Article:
The effect of including indicators for the specific medications for induction therapy in the model for de novo tumors was not significant (p = 0.19). However, Table 5 shows a trend (RR = 1.24) of borderline significance (p = 0.08) towards a higher risk of de novo tumors for recipients receiving induction therapy with ATG compared with those who received no antilymphocyte induction. No significant differences were found among the specific medications for induction therapy in the model for de novo tumors (p = 0.18).

Table 5. Relative risk of developing de novo solid tumors, by specific medications for induction therapy (n = 38 191, de novo solid tumors = 616)
Factor1%RR95% CIp-value
  1. 1Model adjusted for age, gender, race, ethnicity, weight, Hepatitis C antibody screen, Hepatitis B core antibody, time since first dialysis, year of transplantation, and diabetes.

  2. Induction with T10B9 (Medimmune) (<0.1%) and NRATG/NRATS (0.6%) are not shown in the table.

  3. P-value for testing differences between the specific medications for induction therapy in the model: 0.18.

Induction: ATG9.61.24(0.97, 1.58)0.084
Induction: rabbit antithymocyte globulin4.61.53(0.92, 2.56)0.10
Induction: muromonab-CD310.90.85(0.65, 1.11)0.22
Induction: daclimuzab7.61.06(0.73, 1.54)0.77
Induction: basiliximab11.21.12(0.79, 1.59)0.54
Induction: No55.41.00Ref 

The effect of including indicators for the specific medications for induction therapy in the model for PTLD was highly significant (p = 0.010). Table 6 shows that, except for ATG (RR = 1.50, p = 0.10), the risk of developing PTLD was significantly higher for recipients that received any of the antilymphocyte induction regimens compared with those who received no antilymphocyte induction. As for the model for de novo tumors, no significant differences were found among the specific medications for induction therapy in the model for developing PTLD (p = 0.34).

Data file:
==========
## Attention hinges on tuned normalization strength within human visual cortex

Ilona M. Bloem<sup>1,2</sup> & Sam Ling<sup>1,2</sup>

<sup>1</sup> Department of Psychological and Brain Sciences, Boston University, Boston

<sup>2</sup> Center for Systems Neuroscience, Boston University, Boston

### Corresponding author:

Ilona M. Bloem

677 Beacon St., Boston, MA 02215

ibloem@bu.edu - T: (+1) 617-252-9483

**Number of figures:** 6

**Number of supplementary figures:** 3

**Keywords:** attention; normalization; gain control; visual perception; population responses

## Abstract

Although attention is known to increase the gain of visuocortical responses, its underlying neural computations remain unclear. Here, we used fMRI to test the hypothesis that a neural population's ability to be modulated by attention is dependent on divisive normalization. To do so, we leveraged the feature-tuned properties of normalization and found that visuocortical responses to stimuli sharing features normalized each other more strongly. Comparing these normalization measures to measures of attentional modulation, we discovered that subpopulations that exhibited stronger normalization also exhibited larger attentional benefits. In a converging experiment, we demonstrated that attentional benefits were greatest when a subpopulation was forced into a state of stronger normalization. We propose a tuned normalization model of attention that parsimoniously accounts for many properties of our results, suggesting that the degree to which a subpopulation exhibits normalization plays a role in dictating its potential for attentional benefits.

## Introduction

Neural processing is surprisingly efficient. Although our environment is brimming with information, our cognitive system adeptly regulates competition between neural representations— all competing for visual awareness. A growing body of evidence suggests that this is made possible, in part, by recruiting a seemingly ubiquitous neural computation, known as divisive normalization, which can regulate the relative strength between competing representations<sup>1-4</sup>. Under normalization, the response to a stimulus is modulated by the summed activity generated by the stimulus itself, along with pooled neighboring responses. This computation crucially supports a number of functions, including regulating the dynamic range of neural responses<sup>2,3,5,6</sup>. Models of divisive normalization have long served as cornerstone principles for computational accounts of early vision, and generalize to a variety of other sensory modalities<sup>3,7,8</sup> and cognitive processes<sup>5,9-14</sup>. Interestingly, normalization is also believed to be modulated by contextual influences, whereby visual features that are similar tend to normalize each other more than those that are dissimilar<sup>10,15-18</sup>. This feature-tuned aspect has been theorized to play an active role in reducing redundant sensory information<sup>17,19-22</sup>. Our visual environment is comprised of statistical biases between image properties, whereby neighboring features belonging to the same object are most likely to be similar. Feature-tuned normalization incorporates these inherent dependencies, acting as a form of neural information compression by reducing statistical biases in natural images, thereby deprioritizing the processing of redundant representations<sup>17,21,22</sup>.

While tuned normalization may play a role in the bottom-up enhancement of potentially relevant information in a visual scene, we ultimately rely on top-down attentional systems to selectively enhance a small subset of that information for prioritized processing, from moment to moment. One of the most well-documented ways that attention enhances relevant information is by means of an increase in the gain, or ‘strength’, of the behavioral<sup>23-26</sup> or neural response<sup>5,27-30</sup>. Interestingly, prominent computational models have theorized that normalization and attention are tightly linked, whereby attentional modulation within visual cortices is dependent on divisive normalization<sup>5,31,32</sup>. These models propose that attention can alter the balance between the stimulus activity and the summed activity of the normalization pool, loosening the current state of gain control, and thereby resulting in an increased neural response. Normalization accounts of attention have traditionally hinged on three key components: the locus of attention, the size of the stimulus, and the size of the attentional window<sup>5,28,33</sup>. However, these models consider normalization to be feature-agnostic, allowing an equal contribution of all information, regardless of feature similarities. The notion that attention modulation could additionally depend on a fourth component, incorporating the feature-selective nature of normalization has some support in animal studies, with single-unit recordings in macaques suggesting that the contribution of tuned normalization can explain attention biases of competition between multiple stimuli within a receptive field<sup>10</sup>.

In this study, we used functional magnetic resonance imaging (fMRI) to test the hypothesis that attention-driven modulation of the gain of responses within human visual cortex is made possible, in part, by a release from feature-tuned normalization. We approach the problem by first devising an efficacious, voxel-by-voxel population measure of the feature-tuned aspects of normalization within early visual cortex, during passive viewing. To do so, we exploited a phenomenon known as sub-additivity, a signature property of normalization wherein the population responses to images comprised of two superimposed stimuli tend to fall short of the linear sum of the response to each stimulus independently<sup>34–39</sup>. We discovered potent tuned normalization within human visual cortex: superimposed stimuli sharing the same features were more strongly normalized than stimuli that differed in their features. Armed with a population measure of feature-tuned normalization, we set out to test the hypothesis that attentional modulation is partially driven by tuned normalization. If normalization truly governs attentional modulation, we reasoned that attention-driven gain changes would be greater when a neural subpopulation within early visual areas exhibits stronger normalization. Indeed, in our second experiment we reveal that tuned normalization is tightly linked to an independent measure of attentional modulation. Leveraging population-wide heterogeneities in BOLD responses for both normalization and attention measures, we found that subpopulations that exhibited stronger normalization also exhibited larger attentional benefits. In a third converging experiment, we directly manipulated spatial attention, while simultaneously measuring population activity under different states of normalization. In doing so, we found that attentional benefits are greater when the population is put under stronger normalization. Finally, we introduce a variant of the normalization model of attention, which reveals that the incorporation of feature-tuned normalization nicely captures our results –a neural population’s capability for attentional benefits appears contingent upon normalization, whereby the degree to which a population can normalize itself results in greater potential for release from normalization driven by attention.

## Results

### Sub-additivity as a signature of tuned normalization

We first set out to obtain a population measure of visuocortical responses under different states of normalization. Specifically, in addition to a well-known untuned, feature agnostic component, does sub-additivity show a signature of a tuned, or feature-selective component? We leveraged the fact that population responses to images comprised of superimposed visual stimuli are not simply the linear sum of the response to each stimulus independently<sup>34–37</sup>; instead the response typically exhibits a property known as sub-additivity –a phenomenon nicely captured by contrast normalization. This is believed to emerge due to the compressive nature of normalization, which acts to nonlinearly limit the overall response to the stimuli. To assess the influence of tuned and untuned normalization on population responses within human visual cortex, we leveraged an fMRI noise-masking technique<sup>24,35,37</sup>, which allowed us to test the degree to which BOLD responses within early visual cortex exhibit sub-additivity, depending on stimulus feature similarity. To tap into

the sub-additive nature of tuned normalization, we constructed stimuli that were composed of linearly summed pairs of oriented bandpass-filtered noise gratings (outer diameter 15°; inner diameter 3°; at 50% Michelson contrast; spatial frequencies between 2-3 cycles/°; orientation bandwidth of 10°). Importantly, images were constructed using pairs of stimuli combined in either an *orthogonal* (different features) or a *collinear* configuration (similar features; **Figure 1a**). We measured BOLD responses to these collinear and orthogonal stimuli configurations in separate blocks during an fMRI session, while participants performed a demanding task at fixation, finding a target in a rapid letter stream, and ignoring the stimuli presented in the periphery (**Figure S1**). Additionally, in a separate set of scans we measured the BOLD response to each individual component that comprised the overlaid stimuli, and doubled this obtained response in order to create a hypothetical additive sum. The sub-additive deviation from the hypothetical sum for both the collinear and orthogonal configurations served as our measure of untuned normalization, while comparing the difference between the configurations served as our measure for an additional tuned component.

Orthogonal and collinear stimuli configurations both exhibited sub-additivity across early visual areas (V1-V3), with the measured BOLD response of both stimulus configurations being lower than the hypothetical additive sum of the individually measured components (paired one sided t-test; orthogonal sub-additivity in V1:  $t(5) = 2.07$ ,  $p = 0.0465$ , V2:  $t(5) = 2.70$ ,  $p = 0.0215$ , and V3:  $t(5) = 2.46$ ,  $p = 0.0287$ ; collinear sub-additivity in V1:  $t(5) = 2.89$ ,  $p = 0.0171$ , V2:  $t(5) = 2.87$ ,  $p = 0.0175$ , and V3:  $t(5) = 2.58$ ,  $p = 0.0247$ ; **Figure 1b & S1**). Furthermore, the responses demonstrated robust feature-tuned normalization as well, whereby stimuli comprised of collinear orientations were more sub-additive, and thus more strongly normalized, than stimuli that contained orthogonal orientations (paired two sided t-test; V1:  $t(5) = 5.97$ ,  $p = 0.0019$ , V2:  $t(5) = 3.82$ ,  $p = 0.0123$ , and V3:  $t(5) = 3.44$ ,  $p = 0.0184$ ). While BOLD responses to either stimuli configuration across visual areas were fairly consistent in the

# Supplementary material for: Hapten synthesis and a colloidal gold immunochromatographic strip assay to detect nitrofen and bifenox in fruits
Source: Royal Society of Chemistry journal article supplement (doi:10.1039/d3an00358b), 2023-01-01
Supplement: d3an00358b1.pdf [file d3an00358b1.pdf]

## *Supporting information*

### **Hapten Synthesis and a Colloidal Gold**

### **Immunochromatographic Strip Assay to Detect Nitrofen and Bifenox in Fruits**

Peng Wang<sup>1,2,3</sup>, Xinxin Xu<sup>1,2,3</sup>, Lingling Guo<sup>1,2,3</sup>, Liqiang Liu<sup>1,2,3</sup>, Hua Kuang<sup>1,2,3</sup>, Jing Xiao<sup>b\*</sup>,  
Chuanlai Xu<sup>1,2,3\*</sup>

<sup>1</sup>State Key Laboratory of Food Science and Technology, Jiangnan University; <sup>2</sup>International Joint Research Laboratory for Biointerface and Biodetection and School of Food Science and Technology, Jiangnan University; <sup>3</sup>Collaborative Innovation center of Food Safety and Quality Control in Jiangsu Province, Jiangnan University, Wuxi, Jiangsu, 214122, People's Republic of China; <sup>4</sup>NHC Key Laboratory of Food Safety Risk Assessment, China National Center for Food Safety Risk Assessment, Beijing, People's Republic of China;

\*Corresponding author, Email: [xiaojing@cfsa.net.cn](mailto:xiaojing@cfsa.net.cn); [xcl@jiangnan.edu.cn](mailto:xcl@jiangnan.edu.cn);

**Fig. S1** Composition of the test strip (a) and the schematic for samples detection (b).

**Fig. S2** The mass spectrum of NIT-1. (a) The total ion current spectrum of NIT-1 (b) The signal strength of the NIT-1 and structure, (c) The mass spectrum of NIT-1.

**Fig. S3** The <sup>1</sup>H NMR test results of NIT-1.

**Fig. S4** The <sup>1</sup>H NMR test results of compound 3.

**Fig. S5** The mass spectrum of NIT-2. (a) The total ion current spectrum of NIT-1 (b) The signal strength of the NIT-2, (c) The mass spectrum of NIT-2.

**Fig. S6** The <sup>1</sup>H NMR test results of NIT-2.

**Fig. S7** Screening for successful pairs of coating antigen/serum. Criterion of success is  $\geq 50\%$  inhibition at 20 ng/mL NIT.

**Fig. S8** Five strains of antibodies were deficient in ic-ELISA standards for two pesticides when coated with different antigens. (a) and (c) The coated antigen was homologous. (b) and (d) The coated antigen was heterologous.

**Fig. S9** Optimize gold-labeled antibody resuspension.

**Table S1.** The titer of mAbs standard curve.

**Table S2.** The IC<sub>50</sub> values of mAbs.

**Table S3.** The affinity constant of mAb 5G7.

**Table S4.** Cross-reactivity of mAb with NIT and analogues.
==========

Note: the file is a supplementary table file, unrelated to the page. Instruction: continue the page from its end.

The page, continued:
Table 6. Relative risk of developing post-transplant lymphoproliferative disorder, by specific medications for induction therapy (n = 41 686, post-transplant lymphoproliferative disorder = 181)
Factor1%RR95% CIp-value
  1. 1Model adjusted for age, gender, race, ethnicity, weight, Hepatitis C antibody screen, Hepatitis B core antibody, time since first dialysis, year of transplantation, and diabetes.

  2. Induction with T10B9 (Medimmune) (<0.1%) and NRATG/NRATS (0.6%) are not shown in the table.

  3. P-value for testing differences between the specific medications for induction therapy in the model: 0.34.

Induction: ATG9.01.50(0.93, 2.43)0.10
Induction: rabbit antithymocyte globulin5.73.00(1.53, 5.89)0.001
Induction: muromonab-CD310.11.71(1.12, 2.63)0.014
Induction: daclimuzab8.11.92(1.08, 3.41)0.027
Induction: basiliximab12.41.83(1.05, 3.18)0.032
Induction: no54.21.00Ref 

The effect of receiving maintenance with tacrolimus compared with that of maintenance with cyclosporine on the risk of de novo tumors and PTLD was analyzed, and comparisons between these effects were made for recipients with and without induction therapy. Of all kidney recipients who received induction therapy (45%), 55.7% were reported to have received maintenance with cyclosporine, 34.3% received maintenance with tacrolimus, and 6.6% received maintenance with neither drug. Of all kidney recipients not receiving induction therapy (55%), 55.7% received maintenance with cyclosporine, 27.2% received maintenance with tacrolimus, and 11.0% received maintenance with neither drug. For the purpose of making reliable comparisons, the remaining 3.4% of patients with induction and 6.1% of patients without induction who were reported to have received maintenance with both cyclosporine and tacrolimus during the same observation period were not included in these additional analyses.